It is believed that there was once a church known as Kilgrimol that was flooded and buried by the sea, and, it is said that on New Year’s Eve, or in a storm, the church bell can be heard tolling from beneath the waves. In a map of the area dating from around 1532, a place is shown as “Kylgmoles”, it’s interesting to note for many years after this event happened the submerged graveyard would ‘spit out’ decayed coffins and bodies!
Ask any resident of Lytham St. Anne’s about the ‘Legend of Kilgrimol’ and no doubt they’ll tell you of the lonely village that once stood amongst the sand dunes; a hamlet destroyed one night by such a violent storm that its ghostly inhabitants haunt the sea to this day, on moonless nights the doleful sound of the church’s bells still echoing hauntingly from beneath the waves. With the help of local archaeologists and historians Brian Hughes & Michelle Harris we found out the following information.
In Kilgrimol’s case, however, there might actually be a modicum of historical fact behind the story, if we peel back the layers and take a more scientific look.
For a start, the original legend didn’t actually involve a storm. We’re informed by William Thornber in his ‘History of Blackpool and its Neighbourhood’ that: “Tradition affirms, that an earthquake swallowed up the church of Kilgrimol.”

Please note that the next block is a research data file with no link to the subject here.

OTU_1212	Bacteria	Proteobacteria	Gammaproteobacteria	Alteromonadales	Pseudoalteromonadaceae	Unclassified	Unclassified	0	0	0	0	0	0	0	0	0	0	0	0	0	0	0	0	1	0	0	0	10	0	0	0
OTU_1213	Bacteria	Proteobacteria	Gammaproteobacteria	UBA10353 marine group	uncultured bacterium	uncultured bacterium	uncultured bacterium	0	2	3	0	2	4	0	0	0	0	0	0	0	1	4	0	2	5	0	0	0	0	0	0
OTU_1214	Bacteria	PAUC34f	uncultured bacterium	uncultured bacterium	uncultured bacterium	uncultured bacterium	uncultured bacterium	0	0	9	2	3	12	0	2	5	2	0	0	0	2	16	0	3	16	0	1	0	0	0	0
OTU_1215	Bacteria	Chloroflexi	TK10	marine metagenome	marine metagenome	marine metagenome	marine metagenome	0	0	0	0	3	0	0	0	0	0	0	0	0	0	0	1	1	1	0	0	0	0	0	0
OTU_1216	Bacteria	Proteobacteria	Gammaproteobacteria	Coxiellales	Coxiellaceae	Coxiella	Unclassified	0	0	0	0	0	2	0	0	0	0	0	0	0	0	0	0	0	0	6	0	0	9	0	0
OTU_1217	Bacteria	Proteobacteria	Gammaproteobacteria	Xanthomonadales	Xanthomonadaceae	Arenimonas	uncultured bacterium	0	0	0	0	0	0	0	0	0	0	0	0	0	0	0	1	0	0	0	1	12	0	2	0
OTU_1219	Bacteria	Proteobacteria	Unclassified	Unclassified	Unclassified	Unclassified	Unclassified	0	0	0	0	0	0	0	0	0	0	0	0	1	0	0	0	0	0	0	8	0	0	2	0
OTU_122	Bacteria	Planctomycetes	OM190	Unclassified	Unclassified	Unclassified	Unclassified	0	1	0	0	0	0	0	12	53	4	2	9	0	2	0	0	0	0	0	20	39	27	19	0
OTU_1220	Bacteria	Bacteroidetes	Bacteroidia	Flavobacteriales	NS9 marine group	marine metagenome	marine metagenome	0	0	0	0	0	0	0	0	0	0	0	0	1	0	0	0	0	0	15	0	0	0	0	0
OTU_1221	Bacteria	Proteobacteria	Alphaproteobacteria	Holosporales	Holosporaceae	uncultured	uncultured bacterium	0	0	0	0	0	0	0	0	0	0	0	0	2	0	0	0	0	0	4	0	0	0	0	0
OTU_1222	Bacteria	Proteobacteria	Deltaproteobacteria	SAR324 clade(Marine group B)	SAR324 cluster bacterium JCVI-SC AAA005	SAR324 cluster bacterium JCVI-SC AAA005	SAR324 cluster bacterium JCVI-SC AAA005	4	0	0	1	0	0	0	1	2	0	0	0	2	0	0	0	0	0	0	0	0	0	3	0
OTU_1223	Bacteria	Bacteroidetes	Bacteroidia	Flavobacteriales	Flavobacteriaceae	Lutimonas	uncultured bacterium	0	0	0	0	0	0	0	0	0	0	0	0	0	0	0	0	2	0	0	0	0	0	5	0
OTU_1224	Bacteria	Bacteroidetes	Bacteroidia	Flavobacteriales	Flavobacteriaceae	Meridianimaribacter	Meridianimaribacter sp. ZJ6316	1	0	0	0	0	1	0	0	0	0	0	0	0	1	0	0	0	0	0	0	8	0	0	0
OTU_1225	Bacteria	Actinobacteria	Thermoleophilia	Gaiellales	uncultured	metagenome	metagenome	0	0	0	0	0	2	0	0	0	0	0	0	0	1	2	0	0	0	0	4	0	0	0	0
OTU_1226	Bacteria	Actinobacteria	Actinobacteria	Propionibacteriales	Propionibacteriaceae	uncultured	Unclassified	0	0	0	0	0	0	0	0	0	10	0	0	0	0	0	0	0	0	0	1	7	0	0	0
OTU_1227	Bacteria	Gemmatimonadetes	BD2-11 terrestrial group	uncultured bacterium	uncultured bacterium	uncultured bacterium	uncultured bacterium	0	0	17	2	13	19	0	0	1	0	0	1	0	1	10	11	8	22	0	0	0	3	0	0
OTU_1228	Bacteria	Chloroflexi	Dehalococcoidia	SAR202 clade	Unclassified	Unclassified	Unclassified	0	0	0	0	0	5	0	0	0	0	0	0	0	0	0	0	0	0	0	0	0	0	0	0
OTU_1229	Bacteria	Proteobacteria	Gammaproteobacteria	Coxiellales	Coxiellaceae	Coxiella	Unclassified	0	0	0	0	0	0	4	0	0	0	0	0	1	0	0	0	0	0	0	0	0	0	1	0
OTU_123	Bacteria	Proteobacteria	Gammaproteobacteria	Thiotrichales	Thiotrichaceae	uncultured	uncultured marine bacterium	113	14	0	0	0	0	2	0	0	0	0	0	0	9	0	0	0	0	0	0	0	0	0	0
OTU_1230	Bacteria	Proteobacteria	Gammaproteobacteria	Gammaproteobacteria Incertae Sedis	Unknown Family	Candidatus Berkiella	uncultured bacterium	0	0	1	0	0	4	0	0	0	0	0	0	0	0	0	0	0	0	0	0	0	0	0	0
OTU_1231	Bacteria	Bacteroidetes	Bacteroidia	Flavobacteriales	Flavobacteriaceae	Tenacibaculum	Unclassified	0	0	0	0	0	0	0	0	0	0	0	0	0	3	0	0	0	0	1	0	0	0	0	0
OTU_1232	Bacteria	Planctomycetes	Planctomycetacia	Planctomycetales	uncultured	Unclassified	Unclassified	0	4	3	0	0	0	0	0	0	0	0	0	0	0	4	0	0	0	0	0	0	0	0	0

This too, however, seems highly unlikely, violent earthquakes not exactly being common around Lytham. We have to bear in mind of course the written sources that were available at the time, as Thornber copied from the historian Peter Whittle who penned “Marina” published in 1831.
So where shall we start our investigation? Well how about a dissection of Kilgrimol’s name, originally recorded in monastic charters as ‘Kilgrimhow’?
The ‘kil’, , refers to a ‘keeill’. For those who haven’t, keeills were part Pagan/part Christian Celtic/Norse churches, named after the upturned boats (keels) from which they were constructed. The ‘Grim’ part of Kilgrimol is, quite simply, a personal name; and a Norse one at that.
The ‘how’ is local dialect for ‘hough’, again a Norse word referring to a ‘burial mound’, which also makes perfect sense because keeills were, nine times out of ten, built on pagan burial sites. So, in summary, Kilgrimol refers to the keeill belonging to a Norseman called Grim that stood on the site of an ancestral burial mound.
Once again, legend steps in to back up this claim. According to Reverend Bulpit’s ‘Notes on the Fylde’ (1879): “In the days before the missionaries came there were evil spirits in the water marshes around Marton Mere, who were propitiated by the Britons. When Grim, the priest from Kilgrimol, came teaching the people, he cast the chief spirit into the mere and it took the form of a great worm or conga eel.”
I am sure you’ll agree, is all very interesting, but it doesn’t exactly bring us any closer to what actually happened to Kilgrimol. For that we need to know where the hamlet (and it’s chapel) originally stood.